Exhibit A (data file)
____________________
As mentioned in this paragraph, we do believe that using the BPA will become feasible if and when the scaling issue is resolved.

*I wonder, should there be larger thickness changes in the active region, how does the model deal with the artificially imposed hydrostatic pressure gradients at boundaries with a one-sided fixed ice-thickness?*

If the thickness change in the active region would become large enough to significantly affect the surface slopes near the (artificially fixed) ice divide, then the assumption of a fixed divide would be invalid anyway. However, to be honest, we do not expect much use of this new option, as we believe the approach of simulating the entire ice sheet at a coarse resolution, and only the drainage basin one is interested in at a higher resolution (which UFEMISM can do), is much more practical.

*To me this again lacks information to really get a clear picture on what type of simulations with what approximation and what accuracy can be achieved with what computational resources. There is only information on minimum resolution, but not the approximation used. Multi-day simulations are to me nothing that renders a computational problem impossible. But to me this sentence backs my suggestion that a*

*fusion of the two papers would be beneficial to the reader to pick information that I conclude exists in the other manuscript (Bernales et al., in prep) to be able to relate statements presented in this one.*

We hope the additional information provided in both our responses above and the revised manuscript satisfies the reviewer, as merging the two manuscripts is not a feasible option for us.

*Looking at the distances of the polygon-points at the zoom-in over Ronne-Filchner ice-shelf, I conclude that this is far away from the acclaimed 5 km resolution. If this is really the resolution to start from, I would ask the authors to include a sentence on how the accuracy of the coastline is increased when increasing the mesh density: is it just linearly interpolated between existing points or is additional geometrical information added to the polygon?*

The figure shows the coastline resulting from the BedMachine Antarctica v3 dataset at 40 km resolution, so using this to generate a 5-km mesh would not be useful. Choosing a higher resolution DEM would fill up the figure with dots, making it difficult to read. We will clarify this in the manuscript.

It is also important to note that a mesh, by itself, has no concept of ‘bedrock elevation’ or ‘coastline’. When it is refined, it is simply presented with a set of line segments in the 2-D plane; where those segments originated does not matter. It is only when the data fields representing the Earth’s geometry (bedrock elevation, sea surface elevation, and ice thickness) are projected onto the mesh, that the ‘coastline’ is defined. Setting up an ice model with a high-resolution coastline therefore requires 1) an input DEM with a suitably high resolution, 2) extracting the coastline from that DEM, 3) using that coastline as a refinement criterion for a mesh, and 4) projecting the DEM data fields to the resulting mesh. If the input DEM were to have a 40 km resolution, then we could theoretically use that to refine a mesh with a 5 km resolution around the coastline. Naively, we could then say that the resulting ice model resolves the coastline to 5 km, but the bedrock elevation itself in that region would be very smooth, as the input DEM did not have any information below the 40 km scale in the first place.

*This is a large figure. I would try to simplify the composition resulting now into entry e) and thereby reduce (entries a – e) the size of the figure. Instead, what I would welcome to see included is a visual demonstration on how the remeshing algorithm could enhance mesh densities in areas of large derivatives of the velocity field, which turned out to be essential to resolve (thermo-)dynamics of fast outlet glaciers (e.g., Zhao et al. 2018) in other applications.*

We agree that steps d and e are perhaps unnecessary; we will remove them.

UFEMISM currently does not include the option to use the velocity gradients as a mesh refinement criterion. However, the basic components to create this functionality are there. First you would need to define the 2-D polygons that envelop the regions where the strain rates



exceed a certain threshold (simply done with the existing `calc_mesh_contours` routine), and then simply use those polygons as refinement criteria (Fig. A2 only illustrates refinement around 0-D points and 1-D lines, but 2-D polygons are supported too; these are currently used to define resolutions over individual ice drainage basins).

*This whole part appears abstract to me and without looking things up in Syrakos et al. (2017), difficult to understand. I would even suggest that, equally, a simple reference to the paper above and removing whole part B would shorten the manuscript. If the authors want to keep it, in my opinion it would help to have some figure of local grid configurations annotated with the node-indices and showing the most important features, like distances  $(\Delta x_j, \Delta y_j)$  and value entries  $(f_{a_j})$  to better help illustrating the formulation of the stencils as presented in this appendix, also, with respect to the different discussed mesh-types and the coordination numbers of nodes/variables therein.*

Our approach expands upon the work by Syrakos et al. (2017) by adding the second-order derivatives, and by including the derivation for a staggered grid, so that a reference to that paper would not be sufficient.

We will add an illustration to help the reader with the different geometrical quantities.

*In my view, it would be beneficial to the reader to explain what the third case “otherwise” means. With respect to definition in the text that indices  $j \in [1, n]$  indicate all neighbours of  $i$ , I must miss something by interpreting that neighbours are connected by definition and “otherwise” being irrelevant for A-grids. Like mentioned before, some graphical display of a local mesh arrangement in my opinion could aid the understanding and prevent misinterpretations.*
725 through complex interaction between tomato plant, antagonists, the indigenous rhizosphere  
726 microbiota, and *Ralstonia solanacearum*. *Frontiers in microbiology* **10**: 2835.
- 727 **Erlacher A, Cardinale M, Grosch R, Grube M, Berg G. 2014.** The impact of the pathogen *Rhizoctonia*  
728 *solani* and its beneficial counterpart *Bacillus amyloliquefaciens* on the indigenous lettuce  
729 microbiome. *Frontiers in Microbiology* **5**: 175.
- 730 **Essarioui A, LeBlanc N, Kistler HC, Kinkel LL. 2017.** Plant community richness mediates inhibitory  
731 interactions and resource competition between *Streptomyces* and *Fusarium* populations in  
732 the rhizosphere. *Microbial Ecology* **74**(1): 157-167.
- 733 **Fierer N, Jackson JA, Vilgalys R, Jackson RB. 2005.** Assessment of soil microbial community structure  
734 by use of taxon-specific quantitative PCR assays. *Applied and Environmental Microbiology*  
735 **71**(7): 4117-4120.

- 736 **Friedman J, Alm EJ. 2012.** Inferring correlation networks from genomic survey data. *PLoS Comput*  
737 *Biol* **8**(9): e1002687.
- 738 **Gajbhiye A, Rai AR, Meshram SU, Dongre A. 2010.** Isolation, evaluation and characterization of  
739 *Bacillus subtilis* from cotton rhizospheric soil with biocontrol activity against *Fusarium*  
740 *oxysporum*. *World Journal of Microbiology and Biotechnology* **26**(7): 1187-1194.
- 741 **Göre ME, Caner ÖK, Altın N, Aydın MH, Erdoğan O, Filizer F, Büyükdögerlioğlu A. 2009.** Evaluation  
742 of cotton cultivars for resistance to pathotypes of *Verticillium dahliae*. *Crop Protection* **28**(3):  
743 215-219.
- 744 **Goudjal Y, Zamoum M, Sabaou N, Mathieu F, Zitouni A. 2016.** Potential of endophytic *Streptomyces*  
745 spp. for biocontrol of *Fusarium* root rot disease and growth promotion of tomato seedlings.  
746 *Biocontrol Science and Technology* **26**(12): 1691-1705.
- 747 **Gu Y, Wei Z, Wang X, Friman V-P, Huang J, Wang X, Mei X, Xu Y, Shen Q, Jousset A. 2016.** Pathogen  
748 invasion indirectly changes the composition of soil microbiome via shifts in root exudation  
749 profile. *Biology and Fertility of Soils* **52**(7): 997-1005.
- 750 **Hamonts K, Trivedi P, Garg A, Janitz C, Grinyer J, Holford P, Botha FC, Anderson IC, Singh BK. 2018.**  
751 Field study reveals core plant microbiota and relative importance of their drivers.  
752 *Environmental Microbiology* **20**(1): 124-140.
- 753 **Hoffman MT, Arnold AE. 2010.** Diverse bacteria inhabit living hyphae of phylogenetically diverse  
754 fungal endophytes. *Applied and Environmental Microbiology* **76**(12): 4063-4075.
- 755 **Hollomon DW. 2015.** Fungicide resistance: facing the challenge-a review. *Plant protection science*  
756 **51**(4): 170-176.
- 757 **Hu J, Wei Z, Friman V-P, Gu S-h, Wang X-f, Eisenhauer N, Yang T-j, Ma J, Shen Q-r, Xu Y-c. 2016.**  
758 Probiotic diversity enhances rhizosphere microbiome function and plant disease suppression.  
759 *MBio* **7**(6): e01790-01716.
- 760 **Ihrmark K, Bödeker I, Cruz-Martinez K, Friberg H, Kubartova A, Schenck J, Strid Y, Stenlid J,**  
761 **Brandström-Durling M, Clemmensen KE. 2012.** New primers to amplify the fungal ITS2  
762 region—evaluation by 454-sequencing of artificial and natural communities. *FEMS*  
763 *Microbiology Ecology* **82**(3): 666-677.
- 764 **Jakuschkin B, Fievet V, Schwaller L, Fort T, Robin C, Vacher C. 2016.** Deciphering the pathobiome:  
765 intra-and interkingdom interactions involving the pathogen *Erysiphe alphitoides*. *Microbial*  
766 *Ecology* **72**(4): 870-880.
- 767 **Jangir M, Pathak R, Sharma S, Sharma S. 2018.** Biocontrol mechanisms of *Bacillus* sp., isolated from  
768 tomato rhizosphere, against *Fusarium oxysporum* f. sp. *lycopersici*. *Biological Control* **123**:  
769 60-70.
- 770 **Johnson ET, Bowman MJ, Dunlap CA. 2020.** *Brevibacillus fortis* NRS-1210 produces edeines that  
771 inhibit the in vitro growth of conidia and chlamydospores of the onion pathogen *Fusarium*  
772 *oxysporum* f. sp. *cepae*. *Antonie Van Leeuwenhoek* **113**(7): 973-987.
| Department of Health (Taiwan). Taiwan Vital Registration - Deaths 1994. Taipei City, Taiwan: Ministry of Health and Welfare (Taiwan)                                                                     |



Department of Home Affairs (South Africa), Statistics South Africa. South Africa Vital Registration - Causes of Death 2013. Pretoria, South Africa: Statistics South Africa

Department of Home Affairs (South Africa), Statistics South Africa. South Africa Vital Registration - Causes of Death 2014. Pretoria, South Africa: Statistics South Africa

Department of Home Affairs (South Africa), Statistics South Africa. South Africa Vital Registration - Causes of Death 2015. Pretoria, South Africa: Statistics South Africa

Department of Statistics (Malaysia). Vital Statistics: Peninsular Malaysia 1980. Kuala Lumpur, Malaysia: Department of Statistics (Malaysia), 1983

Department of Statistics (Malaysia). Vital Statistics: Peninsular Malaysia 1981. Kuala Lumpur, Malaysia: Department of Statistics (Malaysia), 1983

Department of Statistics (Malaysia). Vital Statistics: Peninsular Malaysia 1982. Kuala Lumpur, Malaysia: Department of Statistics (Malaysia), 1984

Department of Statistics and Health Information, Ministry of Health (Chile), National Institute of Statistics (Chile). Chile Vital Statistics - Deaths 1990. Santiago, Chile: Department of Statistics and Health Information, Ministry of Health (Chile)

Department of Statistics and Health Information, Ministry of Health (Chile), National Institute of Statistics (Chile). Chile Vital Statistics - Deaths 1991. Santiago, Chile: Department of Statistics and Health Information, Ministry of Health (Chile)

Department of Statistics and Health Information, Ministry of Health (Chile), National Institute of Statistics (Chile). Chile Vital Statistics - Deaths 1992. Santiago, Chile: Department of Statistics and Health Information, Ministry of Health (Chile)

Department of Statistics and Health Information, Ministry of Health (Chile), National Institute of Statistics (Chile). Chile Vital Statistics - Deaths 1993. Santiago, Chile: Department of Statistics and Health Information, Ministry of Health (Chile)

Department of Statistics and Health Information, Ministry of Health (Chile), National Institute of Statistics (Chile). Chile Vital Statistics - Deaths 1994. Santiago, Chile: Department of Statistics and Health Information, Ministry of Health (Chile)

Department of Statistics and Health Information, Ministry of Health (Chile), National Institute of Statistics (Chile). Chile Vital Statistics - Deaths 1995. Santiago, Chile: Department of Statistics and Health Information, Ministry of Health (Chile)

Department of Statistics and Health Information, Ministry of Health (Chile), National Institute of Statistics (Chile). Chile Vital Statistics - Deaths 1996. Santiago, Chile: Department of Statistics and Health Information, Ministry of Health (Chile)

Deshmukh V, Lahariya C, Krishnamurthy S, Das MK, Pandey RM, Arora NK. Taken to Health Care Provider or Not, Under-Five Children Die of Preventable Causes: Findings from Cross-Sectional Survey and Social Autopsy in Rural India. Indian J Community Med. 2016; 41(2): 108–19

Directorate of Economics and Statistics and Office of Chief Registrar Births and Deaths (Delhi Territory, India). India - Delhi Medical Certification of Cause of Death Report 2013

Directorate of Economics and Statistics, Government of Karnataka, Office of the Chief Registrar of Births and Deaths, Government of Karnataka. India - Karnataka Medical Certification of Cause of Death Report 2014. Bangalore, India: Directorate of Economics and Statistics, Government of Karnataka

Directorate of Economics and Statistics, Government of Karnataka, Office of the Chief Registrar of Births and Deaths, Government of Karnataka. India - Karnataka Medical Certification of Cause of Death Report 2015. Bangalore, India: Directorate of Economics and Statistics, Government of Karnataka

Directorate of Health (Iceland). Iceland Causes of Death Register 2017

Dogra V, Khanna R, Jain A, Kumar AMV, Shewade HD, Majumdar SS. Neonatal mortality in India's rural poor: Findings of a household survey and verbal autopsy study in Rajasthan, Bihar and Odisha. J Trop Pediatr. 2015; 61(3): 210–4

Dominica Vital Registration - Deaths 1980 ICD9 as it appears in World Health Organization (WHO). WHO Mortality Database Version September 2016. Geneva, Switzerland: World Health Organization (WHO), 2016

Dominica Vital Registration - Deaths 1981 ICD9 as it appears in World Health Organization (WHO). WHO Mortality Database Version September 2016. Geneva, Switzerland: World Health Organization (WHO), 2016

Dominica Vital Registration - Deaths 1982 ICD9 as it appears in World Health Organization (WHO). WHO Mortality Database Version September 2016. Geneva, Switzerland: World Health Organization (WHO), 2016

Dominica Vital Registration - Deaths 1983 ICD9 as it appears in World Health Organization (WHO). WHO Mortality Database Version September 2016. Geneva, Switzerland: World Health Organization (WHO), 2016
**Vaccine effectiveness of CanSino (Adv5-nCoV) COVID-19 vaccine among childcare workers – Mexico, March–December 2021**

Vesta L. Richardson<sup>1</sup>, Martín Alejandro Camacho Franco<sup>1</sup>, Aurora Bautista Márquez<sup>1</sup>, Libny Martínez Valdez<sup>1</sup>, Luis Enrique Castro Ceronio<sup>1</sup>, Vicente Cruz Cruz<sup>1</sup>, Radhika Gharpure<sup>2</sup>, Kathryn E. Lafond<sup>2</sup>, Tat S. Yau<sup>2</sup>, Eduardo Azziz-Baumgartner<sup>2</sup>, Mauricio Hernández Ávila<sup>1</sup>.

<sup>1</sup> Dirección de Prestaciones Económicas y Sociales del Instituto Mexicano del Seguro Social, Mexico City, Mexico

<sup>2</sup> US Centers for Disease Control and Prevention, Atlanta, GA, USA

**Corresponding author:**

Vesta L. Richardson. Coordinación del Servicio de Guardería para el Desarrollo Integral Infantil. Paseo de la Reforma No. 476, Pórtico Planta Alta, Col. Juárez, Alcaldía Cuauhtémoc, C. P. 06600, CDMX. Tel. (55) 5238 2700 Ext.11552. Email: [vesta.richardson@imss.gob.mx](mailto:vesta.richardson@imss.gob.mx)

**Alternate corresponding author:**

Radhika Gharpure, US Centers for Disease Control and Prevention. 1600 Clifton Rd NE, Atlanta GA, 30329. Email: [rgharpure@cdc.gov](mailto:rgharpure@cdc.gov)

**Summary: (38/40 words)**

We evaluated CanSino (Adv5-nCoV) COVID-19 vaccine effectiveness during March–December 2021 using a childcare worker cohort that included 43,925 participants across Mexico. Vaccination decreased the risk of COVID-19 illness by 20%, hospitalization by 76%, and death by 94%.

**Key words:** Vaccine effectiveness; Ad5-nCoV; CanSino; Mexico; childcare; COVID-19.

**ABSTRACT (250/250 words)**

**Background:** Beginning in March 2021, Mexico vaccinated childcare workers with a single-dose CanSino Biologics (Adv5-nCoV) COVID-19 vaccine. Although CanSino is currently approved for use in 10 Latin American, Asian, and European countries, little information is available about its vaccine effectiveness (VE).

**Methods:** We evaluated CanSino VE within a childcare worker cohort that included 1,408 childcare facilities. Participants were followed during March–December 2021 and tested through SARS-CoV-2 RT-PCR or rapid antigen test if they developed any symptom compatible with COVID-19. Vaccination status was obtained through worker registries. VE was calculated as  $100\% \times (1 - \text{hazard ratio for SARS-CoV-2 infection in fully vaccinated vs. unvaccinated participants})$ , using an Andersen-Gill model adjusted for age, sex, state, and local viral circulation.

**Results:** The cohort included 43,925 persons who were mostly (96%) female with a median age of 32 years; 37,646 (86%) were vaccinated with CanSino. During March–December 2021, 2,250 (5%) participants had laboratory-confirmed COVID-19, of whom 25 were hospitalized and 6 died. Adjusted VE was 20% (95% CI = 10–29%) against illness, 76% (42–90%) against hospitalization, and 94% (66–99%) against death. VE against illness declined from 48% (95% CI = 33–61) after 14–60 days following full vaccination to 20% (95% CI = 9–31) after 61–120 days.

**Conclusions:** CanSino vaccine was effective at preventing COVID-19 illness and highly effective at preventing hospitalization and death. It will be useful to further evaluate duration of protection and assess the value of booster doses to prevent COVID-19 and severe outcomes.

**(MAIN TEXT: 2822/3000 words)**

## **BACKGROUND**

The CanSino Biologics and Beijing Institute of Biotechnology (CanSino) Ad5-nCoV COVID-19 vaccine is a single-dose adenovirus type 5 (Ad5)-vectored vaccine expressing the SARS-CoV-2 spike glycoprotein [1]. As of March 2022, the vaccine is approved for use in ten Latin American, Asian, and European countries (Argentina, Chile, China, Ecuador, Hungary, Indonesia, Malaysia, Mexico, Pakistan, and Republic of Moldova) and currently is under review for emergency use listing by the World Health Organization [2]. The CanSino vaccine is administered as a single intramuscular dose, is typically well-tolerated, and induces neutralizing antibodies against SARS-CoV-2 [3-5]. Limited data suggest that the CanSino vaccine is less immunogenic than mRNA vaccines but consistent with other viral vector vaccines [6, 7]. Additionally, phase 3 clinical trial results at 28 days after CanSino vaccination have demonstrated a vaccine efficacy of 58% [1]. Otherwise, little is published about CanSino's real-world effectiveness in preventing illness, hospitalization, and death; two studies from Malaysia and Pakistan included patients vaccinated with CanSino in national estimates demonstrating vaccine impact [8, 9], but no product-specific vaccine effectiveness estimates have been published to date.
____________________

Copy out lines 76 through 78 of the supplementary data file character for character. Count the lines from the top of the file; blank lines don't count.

Department of Statistics and Health Information, Ministry of Health (Chile), National Institute of Statistics (Chile). Chile Vital Statistics - Deaths 1993. Santiago, Chile: Department of Statistics and Health Information, Ministry of Health (Chile)

Department of Statistics and Health Information, Ministry of Health (Chile), National Institute of Statistics (Chile). Chile Vital Statistics - Deaths 1994. Santiago, Chile: Department of Statistics and Health Information, Ministry of Health (Chile)

Department of Statistics and Health Information, Ministry of Health (Chile), National Institute of Statistics (Chile). Chile Vital Statistics - Deaths 1995. Santiago, Chile: Department of Statistics and Health Information, Ministry of Health (Chile)